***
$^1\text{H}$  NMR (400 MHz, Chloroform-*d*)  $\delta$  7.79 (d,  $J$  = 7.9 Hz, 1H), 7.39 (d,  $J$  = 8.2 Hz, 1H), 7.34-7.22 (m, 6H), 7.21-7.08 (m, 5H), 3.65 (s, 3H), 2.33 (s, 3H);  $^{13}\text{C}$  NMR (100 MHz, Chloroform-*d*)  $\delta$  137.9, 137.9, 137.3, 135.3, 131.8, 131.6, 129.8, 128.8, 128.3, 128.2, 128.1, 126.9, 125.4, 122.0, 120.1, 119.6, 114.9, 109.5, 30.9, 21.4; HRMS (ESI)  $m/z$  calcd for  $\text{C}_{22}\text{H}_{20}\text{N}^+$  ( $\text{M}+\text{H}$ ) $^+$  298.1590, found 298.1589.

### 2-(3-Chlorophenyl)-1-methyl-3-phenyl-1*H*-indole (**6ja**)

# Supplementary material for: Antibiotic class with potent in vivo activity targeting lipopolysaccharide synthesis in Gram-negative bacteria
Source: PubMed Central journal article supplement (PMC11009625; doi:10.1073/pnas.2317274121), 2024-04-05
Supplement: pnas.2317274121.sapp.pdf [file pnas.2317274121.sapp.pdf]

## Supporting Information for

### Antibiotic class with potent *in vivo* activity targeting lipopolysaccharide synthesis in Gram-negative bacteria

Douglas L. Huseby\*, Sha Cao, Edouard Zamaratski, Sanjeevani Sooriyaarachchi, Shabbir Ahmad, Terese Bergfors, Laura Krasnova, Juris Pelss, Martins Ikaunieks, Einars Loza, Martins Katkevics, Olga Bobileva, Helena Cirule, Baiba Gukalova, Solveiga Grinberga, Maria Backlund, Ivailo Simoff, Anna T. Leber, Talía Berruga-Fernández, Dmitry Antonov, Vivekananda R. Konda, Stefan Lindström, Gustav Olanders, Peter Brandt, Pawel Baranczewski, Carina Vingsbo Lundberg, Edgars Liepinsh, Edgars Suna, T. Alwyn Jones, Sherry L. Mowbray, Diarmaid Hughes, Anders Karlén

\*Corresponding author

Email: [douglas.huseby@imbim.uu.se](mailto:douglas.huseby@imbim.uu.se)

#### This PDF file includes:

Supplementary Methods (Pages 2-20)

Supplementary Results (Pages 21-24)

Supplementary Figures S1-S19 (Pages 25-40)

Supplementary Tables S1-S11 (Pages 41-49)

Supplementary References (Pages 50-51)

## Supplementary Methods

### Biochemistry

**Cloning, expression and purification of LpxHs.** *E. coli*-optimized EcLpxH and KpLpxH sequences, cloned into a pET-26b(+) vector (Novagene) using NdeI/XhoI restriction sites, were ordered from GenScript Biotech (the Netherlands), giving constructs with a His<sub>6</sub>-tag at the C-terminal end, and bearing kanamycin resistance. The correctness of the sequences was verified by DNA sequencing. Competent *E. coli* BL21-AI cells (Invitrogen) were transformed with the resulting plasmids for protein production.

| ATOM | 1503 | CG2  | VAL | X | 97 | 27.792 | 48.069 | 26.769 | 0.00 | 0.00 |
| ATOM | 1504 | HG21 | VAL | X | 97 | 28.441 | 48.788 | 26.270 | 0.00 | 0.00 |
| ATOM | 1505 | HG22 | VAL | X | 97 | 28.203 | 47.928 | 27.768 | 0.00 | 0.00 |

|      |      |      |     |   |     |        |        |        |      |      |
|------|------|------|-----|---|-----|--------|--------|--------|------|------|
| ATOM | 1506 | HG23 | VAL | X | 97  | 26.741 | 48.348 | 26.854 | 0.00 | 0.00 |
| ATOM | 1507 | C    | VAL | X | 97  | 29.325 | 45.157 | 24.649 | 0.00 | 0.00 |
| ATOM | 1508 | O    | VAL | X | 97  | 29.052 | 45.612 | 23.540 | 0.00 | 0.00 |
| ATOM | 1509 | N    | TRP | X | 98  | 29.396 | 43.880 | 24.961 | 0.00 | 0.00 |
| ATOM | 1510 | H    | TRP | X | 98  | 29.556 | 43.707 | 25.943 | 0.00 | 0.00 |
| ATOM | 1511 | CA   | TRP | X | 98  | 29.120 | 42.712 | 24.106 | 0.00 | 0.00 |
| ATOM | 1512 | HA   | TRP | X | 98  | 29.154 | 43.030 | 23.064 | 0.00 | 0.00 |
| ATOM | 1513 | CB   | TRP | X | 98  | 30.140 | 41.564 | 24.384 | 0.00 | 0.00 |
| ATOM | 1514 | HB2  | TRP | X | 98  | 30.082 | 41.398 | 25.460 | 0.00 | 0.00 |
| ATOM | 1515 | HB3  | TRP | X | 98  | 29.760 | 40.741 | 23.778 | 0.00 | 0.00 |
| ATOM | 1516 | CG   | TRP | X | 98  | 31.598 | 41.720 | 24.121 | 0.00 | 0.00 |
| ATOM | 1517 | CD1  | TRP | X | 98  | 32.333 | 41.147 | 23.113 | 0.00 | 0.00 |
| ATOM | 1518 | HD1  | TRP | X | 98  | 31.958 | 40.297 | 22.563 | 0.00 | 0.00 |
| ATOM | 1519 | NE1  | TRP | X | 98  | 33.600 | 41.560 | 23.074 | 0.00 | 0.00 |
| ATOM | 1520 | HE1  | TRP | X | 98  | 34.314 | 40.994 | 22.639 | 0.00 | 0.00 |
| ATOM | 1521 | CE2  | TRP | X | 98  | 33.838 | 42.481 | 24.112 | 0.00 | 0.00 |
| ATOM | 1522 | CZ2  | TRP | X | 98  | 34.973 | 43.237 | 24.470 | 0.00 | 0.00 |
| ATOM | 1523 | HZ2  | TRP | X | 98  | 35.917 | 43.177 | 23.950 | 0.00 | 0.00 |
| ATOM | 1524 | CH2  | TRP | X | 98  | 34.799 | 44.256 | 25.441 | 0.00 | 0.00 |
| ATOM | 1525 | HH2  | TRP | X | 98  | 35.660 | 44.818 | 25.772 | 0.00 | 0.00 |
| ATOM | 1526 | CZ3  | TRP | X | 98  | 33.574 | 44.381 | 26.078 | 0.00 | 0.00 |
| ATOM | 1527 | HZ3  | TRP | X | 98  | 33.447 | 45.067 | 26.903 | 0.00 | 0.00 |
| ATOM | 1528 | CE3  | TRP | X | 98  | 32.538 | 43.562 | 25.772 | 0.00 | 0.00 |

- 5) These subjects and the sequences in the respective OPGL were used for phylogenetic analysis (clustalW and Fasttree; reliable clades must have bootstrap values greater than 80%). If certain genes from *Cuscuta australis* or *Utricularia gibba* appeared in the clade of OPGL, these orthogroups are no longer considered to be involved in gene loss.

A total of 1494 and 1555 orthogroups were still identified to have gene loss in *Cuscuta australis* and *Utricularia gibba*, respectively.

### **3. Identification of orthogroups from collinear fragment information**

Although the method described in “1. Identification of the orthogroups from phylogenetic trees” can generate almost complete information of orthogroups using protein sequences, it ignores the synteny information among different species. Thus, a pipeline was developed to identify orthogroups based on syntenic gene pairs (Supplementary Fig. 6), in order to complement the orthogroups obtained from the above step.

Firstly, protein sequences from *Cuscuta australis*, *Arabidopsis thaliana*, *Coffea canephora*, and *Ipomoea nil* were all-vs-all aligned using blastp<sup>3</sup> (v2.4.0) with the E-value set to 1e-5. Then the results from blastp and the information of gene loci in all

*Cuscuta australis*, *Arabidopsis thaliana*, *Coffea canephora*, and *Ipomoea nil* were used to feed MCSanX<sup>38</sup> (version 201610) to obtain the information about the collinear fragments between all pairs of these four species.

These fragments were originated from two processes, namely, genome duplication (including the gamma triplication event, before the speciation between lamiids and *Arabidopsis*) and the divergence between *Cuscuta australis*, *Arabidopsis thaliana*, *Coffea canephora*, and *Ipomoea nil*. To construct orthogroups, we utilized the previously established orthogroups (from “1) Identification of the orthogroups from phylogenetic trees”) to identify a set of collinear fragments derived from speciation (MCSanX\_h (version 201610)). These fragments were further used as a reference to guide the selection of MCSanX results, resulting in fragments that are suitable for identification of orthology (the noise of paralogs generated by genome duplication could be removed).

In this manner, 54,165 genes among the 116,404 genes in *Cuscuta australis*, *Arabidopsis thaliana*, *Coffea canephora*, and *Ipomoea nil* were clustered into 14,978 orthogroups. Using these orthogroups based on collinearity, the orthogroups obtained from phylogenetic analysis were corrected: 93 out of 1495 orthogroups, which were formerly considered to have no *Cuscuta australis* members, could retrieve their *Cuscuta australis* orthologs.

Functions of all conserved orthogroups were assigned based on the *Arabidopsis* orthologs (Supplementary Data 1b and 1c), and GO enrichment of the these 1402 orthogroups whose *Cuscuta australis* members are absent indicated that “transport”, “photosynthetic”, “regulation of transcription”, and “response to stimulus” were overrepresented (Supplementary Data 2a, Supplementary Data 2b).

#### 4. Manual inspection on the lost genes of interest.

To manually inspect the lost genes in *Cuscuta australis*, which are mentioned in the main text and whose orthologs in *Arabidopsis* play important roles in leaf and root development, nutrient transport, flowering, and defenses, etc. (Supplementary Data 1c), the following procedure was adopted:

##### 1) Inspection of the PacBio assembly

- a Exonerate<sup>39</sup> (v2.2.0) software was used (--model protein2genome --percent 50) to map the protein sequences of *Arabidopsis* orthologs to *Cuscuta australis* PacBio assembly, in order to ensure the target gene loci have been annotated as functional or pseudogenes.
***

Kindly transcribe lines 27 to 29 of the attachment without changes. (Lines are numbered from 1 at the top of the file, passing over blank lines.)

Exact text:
| ATOM | 1508 | O    | VAL | X | 97  | 29.052 | 45.612 | 23.540 | 0.00 | 0.00 |
| ATOM | 1509 | N    | TRP | X | 98  | 29.396 | 43.880 | 24.961 | 0.00 | 0.00 |
| ATOM | 1510 | H    | TRP | X | 98  | 29.556 | 43.707 | 25.943 | 0.00 | 0.00 |